The Trial by Franz Kafka

The Trial

byFranz Kafka

Paperback | March 28, 1995

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Written in 1914 but not published until 1925, a year after Kafka’s death, The Trial is the terrifying tale of Josef K., a respectable bank officer who is suddenly and inexplicably arrested and must defend himself against a charge about which he can get no information. Whether read as an existential tale, a parable, or a prophecy of the excesses of modern bureaucracy wedded to the madness of totalitarianism, The Trial has resonated with chilling truth for generations of readers.

About The Author

Franz Kafka was born in 1883 in Prague, where he lived most of his life. During his lifetime, he published only a few short stories, including “The Metamorphosis,” “The Judgment,” and “The Stoker.” He died in 1924, before completing any of his full-length novels. At the end of his life, Kafka asked his lifelong friend and literary exec...
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Details & Specs

Title:The TrialFormat:PaperbackDimensions:312 pages, 8 × 5.2 × 0.8 inPublished:March 28, 1995Publisher:Knopf Doubleday Publishing Group

The following ISBNs are associated with this title:

ISBN - 10:0805210407

ISBN - 13:9780805210408

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From Our Editors

Joseph the banker has led nothing short of a respectable life. This, until the day that he's suddenly and inexplicably arrested then forced to defend himself against a charge, which he remains uninformed of. The Trial is a crafty parable that runs rampant on the excesses of modern bureaucracy, likening it to totalitarianism. Joseph plays the symbolic victim of this system that is, in many ways, of his own doing. Franz Kafka wrote this existential tale back in 1914, but to this day it resonates with a chilling truth that knocks hard on the door of fear and isolation.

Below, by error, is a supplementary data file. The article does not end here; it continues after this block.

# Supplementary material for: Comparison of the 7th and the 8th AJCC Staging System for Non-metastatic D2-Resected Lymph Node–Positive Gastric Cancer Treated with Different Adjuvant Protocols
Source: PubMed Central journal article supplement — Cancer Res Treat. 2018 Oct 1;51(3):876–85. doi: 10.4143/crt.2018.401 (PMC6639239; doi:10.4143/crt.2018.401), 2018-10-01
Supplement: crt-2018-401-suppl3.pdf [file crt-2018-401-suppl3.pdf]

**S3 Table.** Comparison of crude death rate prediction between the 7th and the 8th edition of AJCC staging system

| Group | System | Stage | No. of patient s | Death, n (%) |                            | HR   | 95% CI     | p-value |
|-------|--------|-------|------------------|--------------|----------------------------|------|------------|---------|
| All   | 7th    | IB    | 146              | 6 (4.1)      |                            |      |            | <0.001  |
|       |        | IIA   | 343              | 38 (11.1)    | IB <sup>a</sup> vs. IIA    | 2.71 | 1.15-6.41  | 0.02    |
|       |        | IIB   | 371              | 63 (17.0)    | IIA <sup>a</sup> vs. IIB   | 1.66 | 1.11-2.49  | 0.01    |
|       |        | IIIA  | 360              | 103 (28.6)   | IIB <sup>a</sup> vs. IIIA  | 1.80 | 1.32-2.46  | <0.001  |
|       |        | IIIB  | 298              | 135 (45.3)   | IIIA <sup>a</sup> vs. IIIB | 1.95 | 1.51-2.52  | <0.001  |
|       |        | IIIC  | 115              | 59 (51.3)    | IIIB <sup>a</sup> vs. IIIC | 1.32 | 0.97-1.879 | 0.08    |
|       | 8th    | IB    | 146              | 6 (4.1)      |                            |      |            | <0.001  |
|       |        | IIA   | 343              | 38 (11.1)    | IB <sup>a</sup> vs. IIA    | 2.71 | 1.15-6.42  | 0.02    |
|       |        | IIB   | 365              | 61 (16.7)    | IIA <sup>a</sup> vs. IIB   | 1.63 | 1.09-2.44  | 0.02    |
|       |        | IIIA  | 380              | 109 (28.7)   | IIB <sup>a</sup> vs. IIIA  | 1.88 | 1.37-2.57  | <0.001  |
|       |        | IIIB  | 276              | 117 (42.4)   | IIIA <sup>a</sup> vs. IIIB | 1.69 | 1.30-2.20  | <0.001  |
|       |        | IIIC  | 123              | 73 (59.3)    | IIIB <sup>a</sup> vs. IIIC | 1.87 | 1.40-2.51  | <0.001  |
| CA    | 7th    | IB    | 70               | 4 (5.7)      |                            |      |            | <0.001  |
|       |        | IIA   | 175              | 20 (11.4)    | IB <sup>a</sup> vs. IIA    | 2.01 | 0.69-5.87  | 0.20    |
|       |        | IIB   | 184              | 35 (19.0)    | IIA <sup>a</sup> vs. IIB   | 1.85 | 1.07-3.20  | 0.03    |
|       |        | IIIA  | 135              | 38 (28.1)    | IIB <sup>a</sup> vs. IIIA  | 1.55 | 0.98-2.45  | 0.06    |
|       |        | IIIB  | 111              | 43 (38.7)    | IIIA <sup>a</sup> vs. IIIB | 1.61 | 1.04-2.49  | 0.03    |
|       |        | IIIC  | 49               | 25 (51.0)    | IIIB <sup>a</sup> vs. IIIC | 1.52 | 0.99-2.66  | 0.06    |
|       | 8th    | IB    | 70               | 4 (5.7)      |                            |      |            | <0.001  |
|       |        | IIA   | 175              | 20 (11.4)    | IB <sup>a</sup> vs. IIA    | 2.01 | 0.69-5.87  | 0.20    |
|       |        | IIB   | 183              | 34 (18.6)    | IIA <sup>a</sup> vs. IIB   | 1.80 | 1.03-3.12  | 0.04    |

Editorial Reviews

“‘[I]t seemed as though the shame was to outlive him.’ With these words The Trial ends. Kafka’s shame then is no more personal than the life and thought which govern it and which he describes thus: ‘He does not live for the sake of his own life, he does not think for the sake of his own thought. He feels as though he were living and thinking under the constraint of a family . . . Because of this unknown family . . . he cannot be released.’” —Walter Benjamin  “Breon Mitchell’s translation is an accomplishment of the highest order that will honor Kafka far into the twenty-first century.” —Walter Abish, author of How German Is It